The Edgemont Volunteer Fire Department was the first on the scene, fire chief Paul Nelson told Thune.
Nelson is frustrated with the Forest Service’s handling of the fire in its early stages and its poor communication with local firefighters.
Several local volunteers and landowners believe the fire could have been stopped in the early stages if federal officials would have consulted with them on everything from roads to equipment availability.
The firefight was mismanaged, Ben Reutter said.
“They wouldn’t ask the local guys where the roads were. That’s unacceptable,” Reutter said.
Reutter’s father, 68-year-old Edward Reutter, suffered a heart attack shortly after the fire headed for his property last Friday. He died the same night at a Hot Springs hospital.
“It was the stress,” his daughter-in-law, Becky Reutter, said.
The fire started on the edge of some rough country, volunteer firefighter and rancher Toy Litzel said. “But it could have been fought.”
Forest Service officials were unaware of roads that could have given them better access to the fire and wouldn’t take the advice of the area’s residents, locals said.
“They didn’t listen to us,” Nelson said.
There was also an underlying regret among local residents that four lives were lost in the fire when a C-130 cargo plane from the North Carolina Air National Guard crashed July 1. Two members of the crew survived the crash.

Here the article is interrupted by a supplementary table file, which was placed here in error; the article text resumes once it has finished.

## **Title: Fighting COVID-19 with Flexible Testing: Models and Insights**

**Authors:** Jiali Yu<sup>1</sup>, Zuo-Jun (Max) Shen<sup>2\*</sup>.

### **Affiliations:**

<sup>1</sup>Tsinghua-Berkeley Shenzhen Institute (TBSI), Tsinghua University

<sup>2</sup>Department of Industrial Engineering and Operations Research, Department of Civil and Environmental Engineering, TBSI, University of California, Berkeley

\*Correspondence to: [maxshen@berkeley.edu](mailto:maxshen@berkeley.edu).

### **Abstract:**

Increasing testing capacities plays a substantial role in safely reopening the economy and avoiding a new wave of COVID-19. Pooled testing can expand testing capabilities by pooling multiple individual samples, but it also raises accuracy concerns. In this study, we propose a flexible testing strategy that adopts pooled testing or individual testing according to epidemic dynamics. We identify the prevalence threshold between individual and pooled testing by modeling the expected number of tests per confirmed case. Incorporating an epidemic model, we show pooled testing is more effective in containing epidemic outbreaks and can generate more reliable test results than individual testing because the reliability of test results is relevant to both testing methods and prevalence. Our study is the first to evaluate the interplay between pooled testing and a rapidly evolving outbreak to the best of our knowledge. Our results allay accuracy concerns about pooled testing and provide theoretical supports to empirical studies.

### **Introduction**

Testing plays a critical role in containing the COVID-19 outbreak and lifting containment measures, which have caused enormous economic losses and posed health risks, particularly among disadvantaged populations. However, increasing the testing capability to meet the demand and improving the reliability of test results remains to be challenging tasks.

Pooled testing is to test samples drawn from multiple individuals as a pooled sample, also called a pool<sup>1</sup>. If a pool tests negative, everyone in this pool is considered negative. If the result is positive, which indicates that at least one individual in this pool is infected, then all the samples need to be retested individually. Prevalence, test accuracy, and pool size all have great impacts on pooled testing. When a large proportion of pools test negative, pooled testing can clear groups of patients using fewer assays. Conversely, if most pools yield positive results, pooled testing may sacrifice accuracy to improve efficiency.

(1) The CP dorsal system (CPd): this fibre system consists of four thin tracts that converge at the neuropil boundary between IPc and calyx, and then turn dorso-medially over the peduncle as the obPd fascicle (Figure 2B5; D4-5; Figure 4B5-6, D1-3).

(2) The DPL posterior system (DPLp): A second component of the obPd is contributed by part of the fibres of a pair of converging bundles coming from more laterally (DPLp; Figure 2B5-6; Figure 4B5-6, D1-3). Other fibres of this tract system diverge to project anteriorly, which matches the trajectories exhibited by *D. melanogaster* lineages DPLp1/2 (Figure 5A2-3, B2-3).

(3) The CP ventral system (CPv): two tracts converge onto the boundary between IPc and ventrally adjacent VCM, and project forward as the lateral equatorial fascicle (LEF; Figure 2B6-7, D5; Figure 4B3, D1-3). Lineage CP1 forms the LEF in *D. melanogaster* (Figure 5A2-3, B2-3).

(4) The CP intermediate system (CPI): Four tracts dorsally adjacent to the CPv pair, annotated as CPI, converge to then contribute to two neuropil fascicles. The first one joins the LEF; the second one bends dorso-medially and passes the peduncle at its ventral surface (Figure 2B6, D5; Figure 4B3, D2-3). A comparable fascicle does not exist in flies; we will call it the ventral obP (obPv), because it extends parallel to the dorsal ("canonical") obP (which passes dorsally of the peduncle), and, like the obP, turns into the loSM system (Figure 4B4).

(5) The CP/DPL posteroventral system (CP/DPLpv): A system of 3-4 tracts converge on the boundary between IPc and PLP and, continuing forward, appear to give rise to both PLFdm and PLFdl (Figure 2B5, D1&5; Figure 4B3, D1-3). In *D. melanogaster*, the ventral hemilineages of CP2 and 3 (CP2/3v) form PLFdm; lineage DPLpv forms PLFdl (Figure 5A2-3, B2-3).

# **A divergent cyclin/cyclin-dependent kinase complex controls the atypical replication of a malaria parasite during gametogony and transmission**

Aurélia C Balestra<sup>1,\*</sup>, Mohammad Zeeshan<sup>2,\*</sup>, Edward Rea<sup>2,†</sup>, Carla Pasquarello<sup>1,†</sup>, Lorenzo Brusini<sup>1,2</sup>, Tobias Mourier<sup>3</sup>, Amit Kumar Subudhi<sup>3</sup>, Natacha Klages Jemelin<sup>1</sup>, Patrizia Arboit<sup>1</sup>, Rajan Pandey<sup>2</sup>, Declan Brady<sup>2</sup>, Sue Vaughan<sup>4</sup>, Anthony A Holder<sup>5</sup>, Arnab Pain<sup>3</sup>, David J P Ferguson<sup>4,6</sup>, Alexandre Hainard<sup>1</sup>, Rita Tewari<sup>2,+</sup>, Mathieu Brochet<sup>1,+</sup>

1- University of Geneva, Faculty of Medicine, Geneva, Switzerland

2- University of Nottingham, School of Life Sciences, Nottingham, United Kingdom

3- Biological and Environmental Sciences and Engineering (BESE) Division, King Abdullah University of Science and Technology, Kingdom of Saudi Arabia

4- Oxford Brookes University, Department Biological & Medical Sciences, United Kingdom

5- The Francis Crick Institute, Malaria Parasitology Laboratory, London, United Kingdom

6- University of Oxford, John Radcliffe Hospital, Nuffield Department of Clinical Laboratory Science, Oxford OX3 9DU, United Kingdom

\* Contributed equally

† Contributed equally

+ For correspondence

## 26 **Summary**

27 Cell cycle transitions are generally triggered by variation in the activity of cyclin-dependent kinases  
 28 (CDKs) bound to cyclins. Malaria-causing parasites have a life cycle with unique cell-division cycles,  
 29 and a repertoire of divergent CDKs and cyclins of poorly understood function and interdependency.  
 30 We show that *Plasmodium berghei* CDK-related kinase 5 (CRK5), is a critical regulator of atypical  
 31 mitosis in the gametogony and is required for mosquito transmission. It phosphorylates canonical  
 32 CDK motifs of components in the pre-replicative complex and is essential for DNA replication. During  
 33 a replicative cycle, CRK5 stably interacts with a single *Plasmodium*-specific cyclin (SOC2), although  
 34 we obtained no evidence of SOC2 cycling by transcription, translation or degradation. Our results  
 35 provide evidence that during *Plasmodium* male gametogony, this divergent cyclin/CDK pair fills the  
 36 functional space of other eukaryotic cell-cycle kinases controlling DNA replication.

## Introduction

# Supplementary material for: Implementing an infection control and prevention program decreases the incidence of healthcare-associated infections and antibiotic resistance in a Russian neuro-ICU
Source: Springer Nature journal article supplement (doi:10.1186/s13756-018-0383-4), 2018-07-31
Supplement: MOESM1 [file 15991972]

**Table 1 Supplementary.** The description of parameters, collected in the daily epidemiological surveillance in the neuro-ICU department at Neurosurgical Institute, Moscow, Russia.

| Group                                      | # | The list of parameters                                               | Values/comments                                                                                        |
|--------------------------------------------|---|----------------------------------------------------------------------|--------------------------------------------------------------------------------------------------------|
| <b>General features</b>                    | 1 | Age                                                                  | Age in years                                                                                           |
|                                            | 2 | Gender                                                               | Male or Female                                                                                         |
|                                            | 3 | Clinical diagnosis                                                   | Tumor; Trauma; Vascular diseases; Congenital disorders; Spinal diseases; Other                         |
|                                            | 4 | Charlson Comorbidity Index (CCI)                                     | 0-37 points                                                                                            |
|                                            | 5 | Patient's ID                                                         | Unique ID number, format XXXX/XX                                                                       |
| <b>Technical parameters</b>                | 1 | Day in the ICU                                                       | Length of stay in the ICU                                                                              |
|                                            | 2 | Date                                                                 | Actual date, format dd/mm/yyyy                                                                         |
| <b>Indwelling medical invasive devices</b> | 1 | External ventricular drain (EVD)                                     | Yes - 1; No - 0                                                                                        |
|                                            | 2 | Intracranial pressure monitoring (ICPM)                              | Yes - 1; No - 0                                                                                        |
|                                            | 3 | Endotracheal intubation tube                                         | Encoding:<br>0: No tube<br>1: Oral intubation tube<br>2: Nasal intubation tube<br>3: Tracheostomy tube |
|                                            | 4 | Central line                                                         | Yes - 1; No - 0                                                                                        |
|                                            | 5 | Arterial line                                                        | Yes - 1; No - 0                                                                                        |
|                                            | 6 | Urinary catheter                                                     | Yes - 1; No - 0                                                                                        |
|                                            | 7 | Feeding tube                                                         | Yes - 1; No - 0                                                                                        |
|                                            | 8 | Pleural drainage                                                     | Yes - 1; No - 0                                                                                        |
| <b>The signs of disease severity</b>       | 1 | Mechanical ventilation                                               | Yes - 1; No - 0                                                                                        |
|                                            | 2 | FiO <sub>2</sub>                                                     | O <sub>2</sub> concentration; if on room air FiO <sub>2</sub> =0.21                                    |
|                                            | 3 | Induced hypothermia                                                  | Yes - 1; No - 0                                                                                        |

The Forest Service’s lack of regard for the local community was evident when a memorial service for the fallen men was set for 6 a.m. July 5, without notifying local residents, Reutter said.
“A lot of people would have come,” he said.
After visiting with the Edgemont area residents, Thune conferred with fire officials and U.S. Air Force representatives.
Black Hills National Forest Supervisor Craig Bobzien assured Thune that his agency was “tied in with local firefighting resources very well.”
Bobzien said the local resources were used. Firefighters from larger departments were brought in so the local units could go home in case of new fires.
“I hope there wasn’t any sort of misunderstanding there,” Bobzien said. Bobzien assured Thune he would follow up on any concerns.
This is not the first time an Incident Management Team has been criticized for the failure to communicate with locals. For example, in April a Montana landowner was awarded $730,000 after some of their land burned in the 2000 Ryan Gulch wildfire.
Without knowing exactly where, how, and under what burning conditions the locals thought the IMTeam could have stopped the White Draw fire, it is difficult to say they are wrong. However, under the hot, dry, windy conditions while the fire was cranking out thousands of acres a day, no experienced wildland firefighter would have been out in front of it while it was exhibiting extreme fire behavior. And no ranch road, two-track, or Interstate Highway can stop a timber fire pushed by strong winds.
The New York Times has an article about a couple who 12 years ago built a house on 11 acres of land outside Helena, Montana. Then beginning 4 years ago, the bark beetles started killing the trees. Now, after hauling away the dead ones, they are living in a meadow and for the first time can see their neighbors.